I sold books at my parish craft fair this weekend, which is kind of exciting but not the most exciting thing. You see, when you sell at a craft fair, you’re there before they open, and you can browse.
This was my table, by the way:
I ended up at Le Table Of Donated Junk and immediately my eyes alighted on a pink notebook. Not my color, but I snatched it up because guess what? Handmade paper. I know what those sell for.
Me: How much is this?
Them: I dunno. A dollar?
I explained to them that they could get a lot more for that. They told me to buy it instead. I said, “Why don’t you just mark it up, and if no one buys it, I’ll come back and buy it later?” They insisted, so I bought it (for $3, I think) and then Kiddo#2 promptly laid claim to it and I will never write in that hand-made notebook. C’est la guerre.
I wandered over to another table, which was the religious leftovers, things people had given Father G. because he’s a priest and Great Grandma had this religious stuff no one wanted after she died (but which they had little qualms about throwing out.) There was a long row of rosaries, and one immediately caught my eye.
I love heavy rosaries. I want a rosary that feels like you’re holding it, not those flimsy plastic things. This one? I think it weighs ten pounds. Well, not really, but the beads look like marble and it’s about three feet long. I shoved five bucks in the donation jar and walked off with a marble rosary. I came back later and left two more because I felt like maybe they deserved it.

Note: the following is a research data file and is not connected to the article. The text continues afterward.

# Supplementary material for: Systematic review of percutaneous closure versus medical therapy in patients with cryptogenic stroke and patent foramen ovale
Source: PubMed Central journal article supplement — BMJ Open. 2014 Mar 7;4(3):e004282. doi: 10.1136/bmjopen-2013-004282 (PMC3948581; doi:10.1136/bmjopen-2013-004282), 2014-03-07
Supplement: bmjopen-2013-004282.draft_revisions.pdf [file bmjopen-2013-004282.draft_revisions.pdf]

Hah. This is God saying, “Jane, you have no clue.”
I’m not one for expensive rosaries. Mom and I used to joke all the time, “Oh yeah, God listens to you more if you pray on an expensive rosary,” the same way we used to joke that you got more graces if you pushed to the front of the Communion line. I get it: nice things are nice, but it always seemed at odds to me to pray about humility and charity on what’s effectively a counting device that cost as much as a month’s groceries. (I’ve felt the same about Bibles that cost a hundred bucks — really? My $5 paperback is the same Word of God.) So most of my rosaries have been of the 40-cent variety, but I have a couple of nice ones that are about $15 to $20.
On Sunday night while we were praying the rosary together, I noticed the rosary was wire-wrapped. Hmm. Moreover, it was wire-wrapped the way handmade rosaries are. Oh. And it’s really, really silvery. Oh dear. I’ve seen those before.
If you google “handmade wire-wrapped rosaries,” you’ll find a lot of interesting things.
You’ll find, for example, that some artisans figure hey, as long as they’re taking hours upon hours to hand-wrap fifty-nine beads, they’re going to use sterling silver wire and semiprecious stones, and then they’ll call them herilooms and charge hundreds of dollars. I ended up at Robert’s Heriloom Rosaries website and discovered how his rosaries, which do cost in that range, look just like the one on the desk beside me. Check out this beauty.
The one in my hands here is a little work of art. It’s the same style as the above and it’s the same length. It may be worth hundreds of dollars. How can I keep that? How can I keep it for only $7?
I wrote to the parish priest. I asked if he wants it back. I asked if he wants to track down the original donors and find out if they really meant to give away something meant to be an heirloom. He’s probably going to say no. He’s probably not going to say to pay what it’s worth, something I’d never have done in the first place.
I went to the craft fair to sell books, and I came home with art.